Beyond Equality, Our Present Poverty

Many of the broad lived experiences of queer individuals including poverty, homelessness, addiction, mental health, hunger, and aging are missing from the annals of queer history, popular culture, and current debate; and continue to be omitted from the queer agenda. But mainstream research indicates we should be paying more attention.

Despite the reality that issues like homelessness, hunger, lack of access to education, and unemployment have many complicated roots, the primary cause is economic: specifically it is the lack of economic justice that holds an increasing majority of people in the jaws of poverty. Census data showing that more than 37 million US residents (one in eight) live at or below the federal poverty line (slightly more than $18,000 per year for a family of three),[4] only begin to touch on the level of need that saturates communities around the country. There is broad agreement that the current federal poverty measure, which fails to account for realistic living costs such as housing, is antiquated[5] and fails to account for factors such as geographical differences in the cost of living (including high housing costs) and debt.[6] Indeed, the practice of setting eligibility criteria for federal assistance programs at varying percentages of poverty at least demonstrates government recognition that the poverty measure is problematic, and research conducted by Columbia University has shown that families throughout the United States need an income of about twice (200 percent) the federal poverty level to meet basic needs.[7] Insufficient earnings and fixed incomes (such as Social Security) are primary factors. For example, even in New York City where the minimum wage ($7.25 as of July 2009[8]) is set at a higher level than the federal minimum wage, the annual gross earnings for a minimum wage full-time worker in New York City (working 40 hours per week for 52 weeks) is only $15,080, well below the federal poverty level for a family of three. As the National Coalition for the Homeless describes, “Declining wages, in turn, have put housing out of reach for many workers: in every state, more than the minimum wage is required to afford a one- or two-bedroom apartment at Fair Market Rent.”[9] For the majority of families and individuals, housing factors as the single greatest basic living cost. Nationwide almost half (46 percent) of all renters pay more than 30 percent of their income on rent.[10]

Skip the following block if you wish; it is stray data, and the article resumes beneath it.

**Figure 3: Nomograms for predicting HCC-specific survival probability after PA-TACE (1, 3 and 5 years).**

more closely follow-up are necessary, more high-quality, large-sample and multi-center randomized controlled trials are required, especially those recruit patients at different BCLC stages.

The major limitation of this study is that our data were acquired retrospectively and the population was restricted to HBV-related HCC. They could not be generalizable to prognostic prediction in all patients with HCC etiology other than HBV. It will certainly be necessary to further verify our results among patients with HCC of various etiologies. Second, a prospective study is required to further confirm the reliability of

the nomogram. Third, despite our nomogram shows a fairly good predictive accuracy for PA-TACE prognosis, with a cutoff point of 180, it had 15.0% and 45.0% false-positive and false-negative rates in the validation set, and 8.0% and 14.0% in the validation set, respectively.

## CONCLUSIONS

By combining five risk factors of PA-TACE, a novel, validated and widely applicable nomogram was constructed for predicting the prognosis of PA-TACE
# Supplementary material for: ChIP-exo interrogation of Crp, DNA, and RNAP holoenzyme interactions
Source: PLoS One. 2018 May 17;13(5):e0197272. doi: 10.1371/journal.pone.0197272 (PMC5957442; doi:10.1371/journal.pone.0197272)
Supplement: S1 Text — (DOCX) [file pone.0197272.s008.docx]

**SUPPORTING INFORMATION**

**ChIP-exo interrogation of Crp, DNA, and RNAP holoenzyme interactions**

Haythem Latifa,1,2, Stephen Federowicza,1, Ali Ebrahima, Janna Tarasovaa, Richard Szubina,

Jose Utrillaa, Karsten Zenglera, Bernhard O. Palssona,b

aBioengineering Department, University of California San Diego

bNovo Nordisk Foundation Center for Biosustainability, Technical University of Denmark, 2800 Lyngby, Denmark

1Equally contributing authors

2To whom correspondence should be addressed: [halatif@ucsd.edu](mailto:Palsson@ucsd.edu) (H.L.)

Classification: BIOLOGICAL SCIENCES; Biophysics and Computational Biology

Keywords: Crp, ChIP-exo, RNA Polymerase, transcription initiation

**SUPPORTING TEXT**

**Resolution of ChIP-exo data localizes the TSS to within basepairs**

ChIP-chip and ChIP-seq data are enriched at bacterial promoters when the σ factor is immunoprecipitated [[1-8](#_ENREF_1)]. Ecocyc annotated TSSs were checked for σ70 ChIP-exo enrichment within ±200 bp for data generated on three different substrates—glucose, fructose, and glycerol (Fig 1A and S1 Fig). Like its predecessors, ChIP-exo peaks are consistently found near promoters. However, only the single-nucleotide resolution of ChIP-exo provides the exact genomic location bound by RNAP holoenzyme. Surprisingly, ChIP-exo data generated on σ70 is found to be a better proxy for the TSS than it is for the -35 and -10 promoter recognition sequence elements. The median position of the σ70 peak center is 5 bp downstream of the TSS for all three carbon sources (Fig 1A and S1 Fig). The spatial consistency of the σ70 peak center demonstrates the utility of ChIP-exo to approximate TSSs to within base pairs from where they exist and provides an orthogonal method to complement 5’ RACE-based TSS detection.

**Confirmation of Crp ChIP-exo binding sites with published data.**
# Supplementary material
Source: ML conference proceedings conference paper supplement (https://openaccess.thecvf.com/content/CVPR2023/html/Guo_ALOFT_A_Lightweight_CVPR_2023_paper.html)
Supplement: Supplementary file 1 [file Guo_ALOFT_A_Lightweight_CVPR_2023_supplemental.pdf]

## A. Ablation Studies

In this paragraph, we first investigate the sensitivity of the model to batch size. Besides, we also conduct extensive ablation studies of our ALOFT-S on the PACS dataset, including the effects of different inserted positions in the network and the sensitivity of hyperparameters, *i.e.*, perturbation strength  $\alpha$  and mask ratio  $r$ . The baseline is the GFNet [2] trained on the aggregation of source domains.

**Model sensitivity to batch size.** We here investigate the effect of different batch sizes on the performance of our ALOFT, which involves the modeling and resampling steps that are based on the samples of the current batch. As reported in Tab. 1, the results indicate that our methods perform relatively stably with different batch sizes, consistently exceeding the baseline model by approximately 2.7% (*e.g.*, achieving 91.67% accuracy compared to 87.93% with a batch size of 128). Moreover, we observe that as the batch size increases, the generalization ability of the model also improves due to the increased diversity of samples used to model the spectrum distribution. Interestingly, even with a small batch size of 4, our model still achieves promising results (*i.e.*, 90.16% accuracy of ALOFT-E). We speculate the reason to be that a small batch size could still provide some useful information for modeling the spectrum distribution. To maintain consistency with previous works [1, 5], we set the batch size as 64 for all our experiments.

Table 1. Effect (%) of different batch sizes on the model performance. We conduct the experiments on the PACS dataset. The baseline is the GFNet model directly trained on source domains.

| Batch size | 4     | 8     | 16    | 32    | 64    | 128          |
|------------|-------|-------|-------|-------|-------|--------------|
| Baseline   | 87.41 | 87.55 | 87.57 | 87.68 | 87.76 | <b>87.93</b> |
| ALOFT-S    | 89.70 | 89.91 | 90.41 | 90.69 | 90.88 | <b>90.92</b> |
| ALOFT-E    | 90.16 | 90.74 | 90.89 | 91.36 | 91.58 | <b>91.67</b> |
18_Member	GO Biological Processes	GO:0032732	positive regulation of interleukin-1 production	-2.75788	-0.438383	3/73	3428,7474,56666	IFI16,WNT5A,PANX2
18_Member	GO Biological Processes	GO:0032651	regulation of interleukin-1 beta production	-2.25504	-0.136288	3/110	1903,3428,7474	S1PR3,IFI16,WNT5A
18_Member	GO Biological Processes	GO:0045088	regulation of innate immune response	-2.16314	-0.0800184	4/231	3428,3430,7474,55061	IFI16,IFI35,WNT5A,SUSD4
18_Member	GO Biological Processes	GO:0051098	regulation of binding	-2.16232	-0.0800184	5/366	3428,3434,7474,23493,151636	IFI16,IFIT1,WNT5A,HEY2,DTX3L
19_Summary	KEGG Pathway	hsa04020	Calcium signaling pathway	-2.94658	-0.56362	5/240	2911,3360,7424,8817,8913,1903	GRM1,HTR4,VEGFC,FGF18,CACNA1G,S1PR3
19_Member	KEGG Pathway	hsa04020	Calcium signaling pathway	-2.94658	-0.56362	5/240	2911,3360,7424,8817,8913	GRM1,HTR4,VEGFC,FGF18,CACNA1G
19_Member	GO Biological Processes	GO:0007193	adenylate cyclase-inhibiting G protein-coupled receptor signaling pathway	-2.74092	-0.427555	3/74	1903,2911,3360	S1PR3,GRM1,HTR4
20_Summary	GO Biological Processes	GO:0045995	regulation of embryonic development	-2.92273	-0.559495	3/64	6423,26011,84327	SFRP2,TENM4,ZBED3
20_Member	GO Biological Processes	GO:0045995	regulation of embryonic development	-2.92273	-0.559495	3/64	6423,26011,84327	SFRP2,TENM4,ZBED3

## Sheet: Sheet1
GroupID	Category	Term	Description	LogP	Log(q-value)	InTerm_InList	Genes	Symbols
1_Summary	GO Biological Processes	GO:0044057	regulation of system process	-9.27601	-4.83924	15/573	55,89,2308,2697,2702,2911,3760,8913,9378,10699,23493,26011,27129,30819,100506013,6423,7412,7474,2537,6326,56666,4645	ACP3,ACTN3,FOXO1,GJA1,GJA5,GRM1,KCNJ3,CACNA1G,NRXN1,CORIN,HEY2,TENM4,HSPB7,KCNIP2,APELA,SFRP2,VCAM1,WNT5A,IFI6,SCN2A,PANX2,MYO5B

Jay is aware of the implications for queers as she notes the high number of youth who are set adrift without the benefit of even the most basic education standards and subsequently become trapped in minimum-wage employment without the hope of career advancement. She also highlights the employment obstacles that face those of us who do not “pass,” explaining that people of trans experience and gender-nonconforming community members face discrimination in the workplace and are often forced to rely on minimum wage jobs or unofficial employment. Jay’s insight sheds light on how the range of issue-based causes for homelessness and poverty are in part driven by economic factors and disproportionately affect the queer community.

Pages: 1 2 3 All Pages

Previous page Next page

Footnotes
  1. United States Census Bureau, American Community Survey (Washington: United States Census Bureau, 2007). [Return to text]
  2. In 1960 the measure was developed based upon research showing that households spent an average of one third of their incomes on food whereas current research shows that households generally spend one seventh of their income on food. [Return to text]
  3. See Commission for Economic Opportunity, Increasing Opportunity and Reducing Poverty in New York City (New York: Commission for Economic Opportunity, 2006); Center for Economic Opportunity, An Alternative to the Federal Poverty Measure (New York: Center for Economic Opportunity, 2008); and National Center for Children in Poverty, Columbia University, What is the Nature of Poverty and Economic Hardship in the United States? (New York: National Center for Children in Poverty, Columbia University, 2008). [Return to text]
  4. National Center for Children in Poverty, Columbia University, Measuring Income and Poverty in the United States (New York: National Center for Children in Poverty, Columbia University, 2007). Living expenses taken into account include rent and utilities, food, child care, health insurance, transportation, other necessities, and payroll and income taxes. [Return to text]
  5. United States Department of Labor. [Return to text]
  6. National Coalition for the Homeless, Why Are People Homeless? (Washington: National Coalition for the Homeless, 2009). [Return to text]
  7. United States Census Bureau, American Community Survey 2005-2007 Estimates (Washington: United States Census Bureau, 2007). [Return to text]